Animals in Restaurants – Cute Complement or Health Hazard?

As I sit right now in one of Dahab’s dozens of restaurants on the Red Sea, I am a little lonely. Why? There are no cats sitting on my lap. In Dahab, Egypt, you see, stray cats are more plentiful than the stars in the desert sky. They roam freely not just on the roads but into the shops, restaurants and even on into my apartment. I love it.

In the U.S. animals in restaurants are almost completely prohibited, for health and cleanliness reasons, which is understandable, as no one wants dog fur in their food, and the thought of eating out of a bowl that a cat previously licked is unacceptable to us. Animals may have fur and bugs, but are you really going to get sick from letting them around your food? Probably not. I think there is a gross-out factor involved for many people, whose cultures just don’t allow them to be at peace with the different standards of cleanliness found in some other countries. Many, many countries we travel to have many and varied different attitudes and standards than our home countries, and embracing them – or at least tolerating them – is one of the ways in which travel can make us grow, I think.

The only places in the U.S. where I’ve seen animals in restaurants is on the islands of Nantucket and Martha’s Vineyard, my favorite vacation spot in my country. These islands seem to have a bit more of a European mindset than the rest of the country, which may explain the friendlier attitude toward pets in restaurants. Even in the restaurants of Nantucket and Martha’s Vineyard, though, I’ve only infrequently seen pampered pets sitting silently in their owners’ laps, never wandering about.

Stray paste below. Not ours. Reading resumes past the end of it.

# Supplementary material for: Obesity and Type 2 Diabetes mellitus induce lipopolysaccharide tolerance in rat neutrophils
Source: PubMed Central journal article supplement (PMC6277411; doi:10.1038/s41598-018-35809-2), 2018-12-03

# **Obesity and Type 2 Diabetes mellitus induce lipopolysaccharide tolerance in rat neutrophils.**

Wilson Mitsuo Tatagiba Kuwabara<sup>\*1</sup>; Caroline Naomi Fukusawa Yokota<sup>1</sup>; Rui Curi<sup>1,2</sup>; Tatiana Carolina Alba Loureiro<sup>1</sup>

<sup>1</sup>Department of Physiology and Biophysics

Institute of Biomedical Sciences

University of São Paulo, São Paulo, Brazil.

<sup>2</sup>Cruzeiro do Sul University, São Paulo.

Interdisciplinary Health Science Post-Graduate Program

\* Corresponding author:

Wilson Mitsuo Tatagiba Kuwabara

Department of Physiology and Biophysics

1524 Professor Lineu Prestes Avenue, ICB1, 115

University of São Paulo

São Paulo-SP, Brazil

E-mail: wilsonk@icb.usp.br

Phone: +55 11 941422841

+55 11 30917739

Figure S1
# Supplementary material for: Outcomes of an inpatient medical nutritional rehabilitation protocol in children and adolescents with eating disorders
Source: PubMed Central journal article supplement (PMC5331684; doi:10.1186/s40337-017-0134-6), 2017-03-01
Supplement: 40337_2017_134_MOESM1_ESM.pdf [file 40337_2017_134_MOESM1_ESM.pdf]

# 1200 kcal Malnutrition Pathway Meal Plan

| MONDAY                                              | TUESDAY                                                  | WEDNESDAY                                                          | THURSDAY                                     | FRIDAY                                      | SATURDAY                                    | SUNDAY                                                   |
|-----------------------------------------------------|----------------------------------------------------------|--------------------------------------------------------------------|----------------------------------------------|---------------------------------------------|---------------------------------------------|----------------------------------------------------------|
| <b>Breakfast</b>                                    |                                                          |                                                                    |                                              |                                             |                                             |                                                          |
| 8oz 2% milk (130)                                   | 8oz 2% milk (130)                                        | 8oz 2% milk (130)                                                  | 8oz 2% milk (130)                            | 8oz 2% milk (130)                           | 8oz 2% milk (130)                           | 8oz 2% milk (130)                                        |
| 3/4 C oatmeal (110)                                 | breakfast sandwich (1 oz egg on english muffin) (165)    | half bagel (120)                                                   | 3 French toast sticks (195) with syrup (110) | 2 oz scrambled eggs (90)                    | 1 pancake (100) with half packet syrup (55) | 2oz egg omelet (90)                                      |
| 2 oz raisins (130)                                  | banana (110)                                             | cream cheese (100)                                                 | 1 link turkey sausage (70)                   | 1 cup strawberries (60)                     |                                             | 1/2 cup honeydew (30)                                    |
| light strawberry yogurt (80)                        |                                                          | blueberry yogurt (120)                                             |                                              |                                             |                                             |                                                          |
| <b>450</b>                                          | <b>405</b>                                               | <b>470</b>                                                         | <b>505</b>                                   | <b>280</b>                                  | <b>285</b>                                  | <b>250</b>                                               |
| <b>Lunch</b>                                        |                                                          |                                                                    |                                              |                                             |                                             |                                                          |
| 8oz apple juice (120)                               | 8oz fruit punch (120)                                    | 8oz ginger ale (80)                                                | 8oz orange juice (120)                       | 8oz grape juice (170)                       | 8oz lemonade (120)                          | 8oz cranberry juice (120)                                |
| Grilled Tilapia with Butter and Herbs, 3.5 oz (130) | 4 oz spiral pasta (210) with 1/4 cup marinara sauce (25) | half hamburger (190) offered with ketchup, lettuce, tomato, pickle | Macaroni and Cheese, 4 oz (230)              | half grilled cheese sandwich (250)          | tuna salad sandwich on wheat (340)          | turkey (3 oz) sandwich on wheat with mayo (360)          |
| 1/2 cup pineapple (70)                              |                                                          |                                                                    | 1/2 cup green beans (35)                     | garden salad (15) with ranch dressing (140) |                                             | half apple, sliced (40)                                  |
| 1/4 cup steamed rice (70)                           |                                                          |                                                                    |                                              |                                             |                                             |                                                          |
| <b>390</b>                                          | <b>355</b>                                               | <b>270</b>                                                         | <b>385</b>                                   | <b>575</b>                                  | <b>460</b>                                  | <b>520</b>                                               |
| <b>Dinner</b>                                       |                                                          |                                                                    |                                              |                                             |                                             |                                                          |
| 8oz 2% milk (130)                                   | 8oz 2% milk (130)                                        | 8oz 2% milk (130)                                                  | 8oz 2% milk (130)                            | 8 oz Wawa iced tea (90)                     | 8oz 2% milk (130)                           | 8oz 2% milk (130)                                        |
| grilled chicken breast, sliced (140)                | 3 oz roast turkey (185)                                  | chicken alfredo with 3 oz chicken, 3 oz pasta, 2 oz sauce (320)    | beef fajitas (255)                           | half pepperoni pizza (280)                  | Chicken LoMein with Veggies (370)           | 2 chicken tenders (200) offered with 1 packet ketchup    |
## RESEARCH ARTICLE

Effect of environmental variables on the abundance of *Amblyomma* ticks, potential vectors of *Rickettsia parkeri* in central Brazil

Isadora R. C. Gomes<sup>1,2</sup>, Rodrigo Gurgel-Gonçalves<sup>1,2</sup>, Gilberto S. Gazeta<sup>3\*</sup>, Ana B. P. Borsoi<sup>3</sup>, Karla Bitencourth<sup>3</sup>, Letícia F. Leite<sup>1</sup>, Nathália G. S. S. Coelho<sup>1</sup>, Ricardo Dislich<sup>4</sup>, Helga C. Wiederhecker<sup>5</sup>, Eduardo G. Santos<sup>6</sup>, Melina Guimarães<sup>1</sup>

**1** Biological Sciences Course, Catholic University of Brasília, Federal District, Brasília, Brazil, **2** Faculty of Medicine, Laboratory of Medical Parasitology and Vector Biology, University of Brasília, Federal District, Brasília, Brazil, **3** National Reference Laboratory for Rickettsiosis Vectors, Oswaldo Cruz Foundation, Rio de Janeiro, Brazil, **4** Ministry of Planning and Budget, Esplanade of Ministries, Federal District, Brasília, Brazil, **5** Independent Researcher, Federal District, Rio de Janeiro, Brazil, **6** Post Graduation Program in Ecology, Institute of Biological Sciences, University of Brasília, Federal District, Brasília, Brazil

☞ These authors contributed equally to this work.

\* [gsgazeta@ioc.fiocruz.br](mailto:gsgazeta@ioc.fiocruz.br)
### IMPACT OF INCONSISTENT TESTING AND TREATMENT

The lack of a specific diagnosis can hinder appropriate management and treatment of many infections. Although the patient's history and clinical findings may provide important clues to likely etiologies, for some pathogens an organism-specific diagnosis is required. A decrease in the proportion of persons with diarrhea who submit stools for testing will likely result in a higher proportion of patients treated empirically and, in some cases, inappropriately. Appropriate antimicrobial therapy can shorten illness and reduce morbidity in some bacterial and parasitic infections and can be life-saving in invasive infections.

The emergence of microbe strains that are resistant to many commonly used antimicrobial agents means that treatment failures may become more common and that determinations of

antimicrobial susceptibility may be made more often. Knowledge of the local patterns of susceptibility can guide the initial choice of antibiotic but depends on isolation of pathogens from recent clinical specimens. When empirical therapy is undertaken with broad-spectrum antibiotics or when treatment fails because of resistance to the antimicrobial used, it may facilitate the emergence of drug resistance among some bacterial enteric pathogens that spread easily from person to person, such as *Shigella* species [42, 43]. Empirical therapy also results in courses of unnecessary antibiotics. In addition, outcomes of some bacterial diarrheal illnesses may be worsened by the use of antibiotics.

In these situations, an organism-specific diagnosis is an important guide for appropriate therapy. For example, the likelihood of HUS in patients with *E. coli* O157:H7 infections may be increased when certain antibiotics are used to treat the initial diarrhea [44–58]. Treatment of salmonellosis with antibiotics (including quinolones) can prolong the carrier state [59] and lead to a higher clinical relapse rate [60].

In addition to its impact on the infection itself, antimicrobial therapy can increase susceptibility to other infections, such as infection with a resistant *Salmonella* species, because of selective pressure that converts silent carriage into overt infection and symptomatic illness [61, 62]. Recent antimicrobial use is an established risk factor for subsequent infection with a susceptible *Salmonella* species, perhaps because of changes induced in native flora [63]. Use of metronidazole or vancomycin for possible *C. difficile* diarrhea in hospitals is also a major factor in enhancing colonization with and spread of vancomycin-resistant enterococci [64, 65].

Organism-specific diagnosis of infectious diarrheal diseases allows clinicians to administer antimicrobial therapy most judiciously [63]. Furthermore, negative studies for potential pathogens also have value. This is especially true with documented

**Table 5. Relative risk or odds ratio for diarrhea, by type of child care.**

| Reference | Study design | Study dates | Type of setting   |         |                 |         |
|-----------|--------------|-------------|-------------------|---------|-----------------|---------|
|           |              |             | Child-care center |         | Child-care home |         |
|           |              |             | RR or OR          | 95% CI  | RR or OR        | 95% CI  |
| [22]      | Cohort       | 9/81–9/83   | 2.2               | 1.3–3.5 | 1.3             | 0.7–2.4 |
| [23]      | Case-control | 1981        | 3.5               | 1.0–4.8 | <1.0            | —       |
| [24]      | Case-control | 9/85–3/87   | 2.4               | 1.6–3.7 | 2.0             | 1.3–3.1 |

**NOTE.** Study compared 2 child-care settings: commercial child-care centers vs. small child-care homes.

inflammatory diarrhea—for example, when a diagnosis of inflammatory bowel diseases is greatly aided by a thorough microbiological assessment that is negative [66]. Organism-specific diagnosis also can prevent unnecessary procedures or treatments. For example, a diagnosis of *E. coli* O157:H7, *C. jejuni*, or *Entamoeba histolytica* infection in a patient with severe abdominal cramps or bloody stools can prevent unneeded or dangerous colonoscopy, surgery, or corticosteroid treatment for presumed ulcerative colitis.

I first noticed that Europe has a different animal attitude when I traveled to the continent on my first solo trip many years ago. Here I saw for the first time in my life diners enjoying not only their food but the company of their beloved animals. Still, as I would later find on the islands in the U.S., these animals likewise lay calmly in their owners’ laps or at their feet under the tables, not daring to make a peep or eat a morsel.

Egypt is the only country I’ve spent any amount of time in where animals are allowed carte blanche access to wherever their wandering instincts lead them. Recently I visited Luxor, where I found an extremely animal-friendly restaurant with not only the cats and dogs of the owners hanging out, but a camel and ostrich as well. Restaurants are one of the most popular hang-outs for the stray cats and dogs running wild in Dahab, and most people who live and travel here tolerate this attitude well. I don’t just tolerate it, I enjoy it.

Dogs don’t often wander into the restaurants of Dahab, most of the time poising themselves around the entrance, waiting for opportunities. Cats are far bolder. They love to position themselves close to you, staring at you and your meal in the hopes you will cave in. Sometimes, they even will hop into your lap or onto the table. This makes me happy, but many people can’t stand it and swat them off.

Very happily, since I began writing this post, a beautiful white, orange and black cat has wandered to my table. It has since roamed to the next table, but I don’t take it personally and attribute it to my lack of food. With its presence nearby, though, I’m honestly I’m enjoying my view of the Red Sea with the mountains of Saudi Arabia across the water all the more.


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